EXAMPLES

EXAMPLES

EXAMPLES

## 5.1. A thin steel rule (E = 206.7GPa) having a thickness 0.734mm

and length 254mm is bent by couples as shown in Fig.P.5.
what is the maximum stress in steel rule.

Fig. P. 5.1
Sol: Given data: t = 0.734mm, E = 206.7x103MPa, l = 254mm,
=600=1.047
We know that flexure formula

= .

From the given data we can write the equation from flexure formula
=
Where

## y = maximum distance of a surface from neutral axis

= 0.734/2 = 0.367

## From Fig. P. 5.12 we can write that l = R

Radius of curvature R = 254/1.047=242.6mm
Bending stress

206.7103 0.367
242.6

= 312.63MPa
5.2. A steel wire of diameter 4mm bent over a drum of radius
0.5m as shown in the Fig. P.5.2. Calculate the maximum
bending stress if E = 200GPa.

Fig. P. 5.2
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## We know that flexure formula

= .

From the given data we can write the equation from flexure formula
=
Where

= 4/2 = 2mm

## Radius of curvature R = r+(d/2) = 500+2 = 502mm

Bending stress

200x103 x2
502

= 796.8 MPa.
5.3. A simple beam AB of length 6.7m supports a uniform load of
intensity 22KN/m and a concentrated load of 53.4KN as
shown in the Fig. P.5.3. The beam cross section is rectangle
with width is 222mm and depth is 686mm. Determine the
maximum compressive and tensile stresses in the beam due
to bending.
Sol: Given data: b = 222mm and d = 686mm.
The maximum bending stress occurs at the cross section due to
maximum bending moment. To find the maximum bending moment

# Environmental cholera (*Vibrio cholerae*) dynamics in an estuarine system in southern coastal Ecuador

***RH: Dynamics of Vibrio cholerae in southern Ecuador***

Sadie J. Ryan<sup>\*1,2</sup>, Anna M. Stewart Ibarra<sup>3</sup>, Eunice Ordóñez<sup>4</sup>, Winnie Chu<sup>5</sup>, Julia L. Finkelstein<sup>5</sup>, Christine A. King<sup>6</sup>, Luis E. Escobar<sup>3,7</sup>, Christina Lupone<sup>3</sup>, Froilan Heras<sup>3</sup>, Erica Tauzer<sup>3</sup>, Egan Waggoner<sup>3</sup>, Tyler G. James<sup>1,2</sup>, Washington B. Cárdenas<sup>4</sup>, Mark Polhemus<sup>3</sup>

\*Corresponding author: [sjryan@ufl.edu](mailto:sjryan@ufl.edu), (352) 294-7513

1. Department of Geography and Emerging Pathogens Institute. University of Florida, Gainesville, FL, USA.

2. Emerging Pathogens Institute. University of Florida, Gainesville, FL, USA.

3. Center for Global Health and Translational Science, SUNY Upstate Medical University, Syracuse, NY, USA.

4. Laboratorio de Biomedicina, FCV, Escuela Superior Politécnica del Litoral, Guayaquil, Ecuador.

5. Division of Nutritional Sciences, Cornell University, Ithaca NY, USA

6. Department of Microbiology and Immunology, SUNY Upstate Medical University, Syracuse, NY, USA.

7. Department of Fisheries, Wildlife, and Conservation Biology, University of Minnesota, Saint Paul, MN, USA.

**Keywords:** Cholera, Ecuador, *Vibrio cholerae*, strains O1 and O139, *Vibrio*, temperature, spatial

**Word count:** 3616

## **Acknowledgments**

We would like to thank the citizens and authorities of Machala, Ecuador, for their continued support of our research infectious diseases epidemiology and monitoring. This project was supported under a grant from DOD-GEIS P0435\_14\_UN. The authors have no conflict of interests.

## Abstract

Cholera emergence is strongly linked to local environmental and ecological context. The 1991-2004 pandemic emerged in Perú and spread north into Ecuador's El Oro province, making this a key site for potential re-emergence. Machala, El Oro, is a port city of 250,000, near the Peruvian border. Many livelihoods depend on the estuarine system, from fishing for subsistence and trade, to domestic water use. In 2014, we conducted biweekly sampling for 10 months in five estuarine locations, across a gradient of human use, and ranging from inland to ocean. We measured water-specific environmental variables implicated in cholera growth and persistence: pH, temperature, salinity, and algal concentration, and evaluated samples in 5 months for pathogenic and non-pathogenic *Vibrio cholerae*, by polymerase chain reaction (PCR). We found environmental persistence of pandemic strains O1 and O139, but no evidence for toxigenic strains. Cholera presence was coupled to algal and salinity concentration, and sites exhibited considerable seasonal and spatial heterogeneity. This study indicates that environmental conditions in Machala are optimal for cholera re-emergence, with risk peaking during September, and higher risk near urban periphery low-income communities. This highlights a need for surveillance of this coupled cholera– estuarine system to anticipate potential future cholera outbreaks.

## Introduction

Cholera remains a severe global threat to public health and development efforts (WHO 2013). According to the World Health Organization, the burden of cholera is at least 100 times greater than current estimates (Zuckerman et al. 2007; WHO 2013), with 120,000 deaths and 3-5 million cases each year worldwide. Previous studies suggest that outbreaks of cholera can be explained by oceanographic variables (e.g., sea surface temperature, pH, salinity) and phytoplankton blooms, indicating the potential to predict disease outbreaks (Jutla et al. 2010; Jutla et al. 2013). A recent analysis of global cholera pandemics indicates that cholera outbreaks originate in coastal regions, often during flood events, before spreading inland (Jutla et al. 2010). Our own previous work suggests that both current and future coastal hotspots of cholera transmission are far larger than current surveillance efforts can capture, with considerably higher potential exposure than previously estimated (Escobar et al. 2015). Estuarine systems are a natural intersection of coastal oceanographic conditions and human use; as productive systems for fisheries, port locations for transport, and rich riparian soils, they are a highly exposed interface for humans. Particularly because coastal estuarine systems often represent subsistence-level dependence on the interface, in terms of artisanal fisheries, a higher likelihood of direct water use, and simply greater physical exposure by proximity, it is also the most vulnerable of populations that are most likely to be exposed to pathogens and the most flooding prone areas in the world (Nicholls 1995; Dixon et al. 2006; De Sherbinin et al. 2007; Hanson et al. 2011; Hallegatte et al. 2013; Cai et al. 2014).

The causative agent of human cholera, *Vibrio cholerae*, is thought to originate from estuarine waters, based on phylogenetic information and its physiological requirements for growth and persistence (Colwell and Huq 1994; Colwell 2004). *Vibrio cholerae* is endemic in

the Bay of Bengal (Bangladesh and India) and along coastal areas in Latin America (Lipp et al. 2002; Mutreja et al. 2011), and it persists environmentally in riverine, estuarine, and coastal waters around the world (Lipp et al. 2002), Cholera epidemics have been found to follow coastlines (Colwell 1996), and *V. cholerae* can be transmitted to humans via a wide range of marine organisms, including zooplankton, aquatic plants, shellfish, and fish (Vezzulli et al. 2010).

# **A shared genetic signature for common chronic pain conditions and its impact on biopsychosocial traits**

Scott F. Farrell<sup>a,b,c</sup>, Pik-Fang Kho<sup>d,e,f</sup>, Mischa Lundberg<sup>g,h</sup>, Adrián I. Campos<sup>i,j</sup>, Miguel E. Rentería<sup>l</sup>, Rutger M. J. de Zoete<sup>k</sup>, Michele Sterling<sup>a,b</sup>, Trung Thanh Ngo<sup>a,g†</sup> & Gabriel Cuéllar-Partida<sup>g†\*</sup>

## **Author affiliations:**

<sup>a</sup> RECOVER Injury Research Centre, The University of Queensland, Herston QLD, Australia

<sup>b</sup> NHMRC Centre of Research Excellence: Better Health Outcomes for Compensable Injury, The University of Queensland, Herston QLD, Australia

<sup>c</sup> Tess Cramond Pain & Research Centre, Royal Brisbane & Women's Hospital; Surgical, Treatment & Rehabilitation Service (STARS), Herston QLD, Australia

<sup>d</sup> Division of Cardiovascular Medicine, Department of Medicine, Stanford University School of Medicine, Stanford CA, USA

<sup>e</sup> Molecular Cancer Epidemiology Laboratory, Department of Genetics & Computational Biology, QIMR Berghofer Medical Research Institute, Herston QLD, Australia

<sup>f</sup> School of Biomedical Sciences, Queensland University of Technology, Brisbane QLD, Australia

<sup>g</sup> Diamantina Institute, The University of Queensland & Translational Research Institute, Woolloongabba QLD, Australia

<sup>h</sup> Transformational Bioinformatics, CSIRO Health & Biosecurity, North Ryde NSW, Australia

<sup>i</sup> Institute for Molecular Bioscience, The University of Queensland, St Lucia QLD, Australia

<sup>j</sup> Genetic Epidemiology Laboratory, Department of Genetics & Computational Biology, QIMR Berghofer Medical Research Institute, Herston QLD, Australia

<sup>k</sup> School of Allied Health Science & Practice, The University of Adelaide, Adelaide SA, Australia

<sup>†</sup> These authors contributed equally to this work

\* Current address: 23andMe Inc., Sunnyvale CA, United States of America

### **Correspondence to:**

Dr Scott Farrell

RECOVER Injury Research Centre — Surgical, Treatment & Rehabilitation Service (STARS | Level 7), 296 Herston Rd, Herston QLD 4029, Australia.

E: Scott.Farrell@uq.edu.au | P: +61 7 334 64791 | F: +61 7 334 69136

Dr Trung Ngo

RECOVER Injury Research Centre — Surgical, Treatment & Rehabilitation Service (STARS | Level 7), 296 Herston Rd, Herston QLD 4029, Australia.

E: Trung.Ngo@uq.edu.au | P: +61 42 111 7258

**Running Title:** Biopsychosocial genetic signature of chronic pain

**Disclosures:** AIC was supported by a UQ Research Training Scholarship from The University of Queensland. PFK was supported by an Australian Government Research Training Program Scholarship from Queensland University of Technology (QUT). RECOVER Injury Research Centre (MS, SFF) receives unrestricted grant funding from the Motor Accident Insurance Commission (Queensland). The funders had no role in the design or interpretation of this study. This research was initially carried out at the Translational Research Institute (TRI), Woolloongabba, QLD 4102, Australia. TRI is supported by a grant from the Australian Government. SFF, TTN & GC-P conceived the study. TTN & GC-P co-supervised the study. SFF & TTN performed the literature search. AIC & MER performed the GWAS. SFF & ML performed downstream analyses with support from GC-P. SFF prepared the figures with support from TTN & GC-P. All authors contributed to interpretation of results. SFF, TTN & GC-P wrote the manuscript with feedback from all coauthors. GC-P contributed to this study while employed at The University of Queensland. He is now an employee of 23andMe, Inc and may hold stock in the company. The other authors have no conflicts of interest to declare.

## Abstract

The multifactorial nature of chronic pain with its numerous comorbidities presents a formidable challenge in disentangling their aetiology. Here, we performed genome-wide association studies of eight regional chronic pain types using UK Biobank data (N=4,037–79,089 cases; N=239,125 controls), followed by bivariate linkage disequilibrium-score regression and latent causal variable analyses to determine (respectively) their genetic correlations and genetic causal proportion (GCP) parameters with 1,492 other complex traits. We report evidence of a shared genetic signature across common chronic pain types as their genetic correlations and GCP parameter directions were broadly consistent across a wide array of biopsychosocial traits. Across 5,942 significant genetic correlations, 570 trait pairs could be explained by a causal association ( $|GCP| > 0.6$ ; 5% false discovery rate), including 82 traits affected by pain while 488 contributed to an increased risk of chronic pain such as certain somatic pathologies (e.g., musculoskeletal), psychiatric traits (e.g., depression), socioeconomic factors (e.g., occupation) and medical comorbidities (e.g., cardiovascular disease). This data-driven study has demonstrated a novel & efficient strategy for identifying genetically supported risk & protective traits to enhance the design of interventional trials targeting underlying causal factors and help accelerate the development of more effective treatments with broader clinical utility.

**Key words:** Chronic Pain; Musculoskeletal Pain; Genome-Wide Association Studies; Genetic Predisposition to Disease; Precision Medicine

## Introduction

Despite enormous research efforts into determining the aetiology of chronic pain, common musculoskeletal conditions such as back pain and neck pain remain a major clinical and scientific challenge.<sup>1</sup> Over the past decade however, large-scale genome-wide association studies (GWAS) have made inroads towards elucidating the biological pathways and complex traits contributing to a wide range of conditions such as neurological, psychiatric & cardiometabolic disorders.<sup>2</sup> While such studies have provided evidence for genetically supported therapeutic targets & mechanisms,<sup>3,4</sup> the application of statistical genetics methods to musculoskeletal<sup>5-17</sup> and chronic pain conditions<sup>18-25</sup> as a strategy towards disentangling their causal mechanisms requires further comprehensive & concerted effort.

let us construct the shear force and bending moment diagram as
shown in the Fig.P.5.3. From the Shear force and bending moment
diagram shown in the Fig.P.5.3, the maximum bending moment is
204.9KNm.
From the flexure formula, the bending stress is
=

## y = Maximum distance from neutral axis. we know that neutral

axis passes through the centroid. Since the given cross section is
rectangle cross section, the centroid is coincides with the
geometric center.
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y = 686/2 = 343mm.

Fig.P.5.3
I

3

(222)(686)3

= 6x109 mm4

12

12

## The maximum bending stress

=

204.6106 343
6109

= 11.7 MPa.
Since the maximum bending moment is positive, the top fibers are in
compression and bottom fibers are in tension. The bending stress
distribution is as show in the Fig.P.5.3a

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11

Fig.P.5.3a
5.4. Determine the maximum allowable length of simple beam of
rectangular cross section (Fig.P.5.4) subjected to uniformly
distributed load of 6.5KN/m, if the allowable stress is
8.2MPa.
Sol: Given data:

Fig.P.5.4
Since it is a simply supported beam with UDL the maximum bending
moment is

WL2
8

=

## y = Maximum distance from neutral axis. We know that neutral

axis passes through the centroid. Since the given cross section is
rectangle cross section, the centroid is coincides with the
geometric center.

y = 240/2 = 120mm.
I

8.2 =

3

(140)(240)3

= 1.61x108 mm4

12

12

0.81252 120
1.61108

12

## 5.5. The beam shown in the figure Fig.P.5.5 is subjected to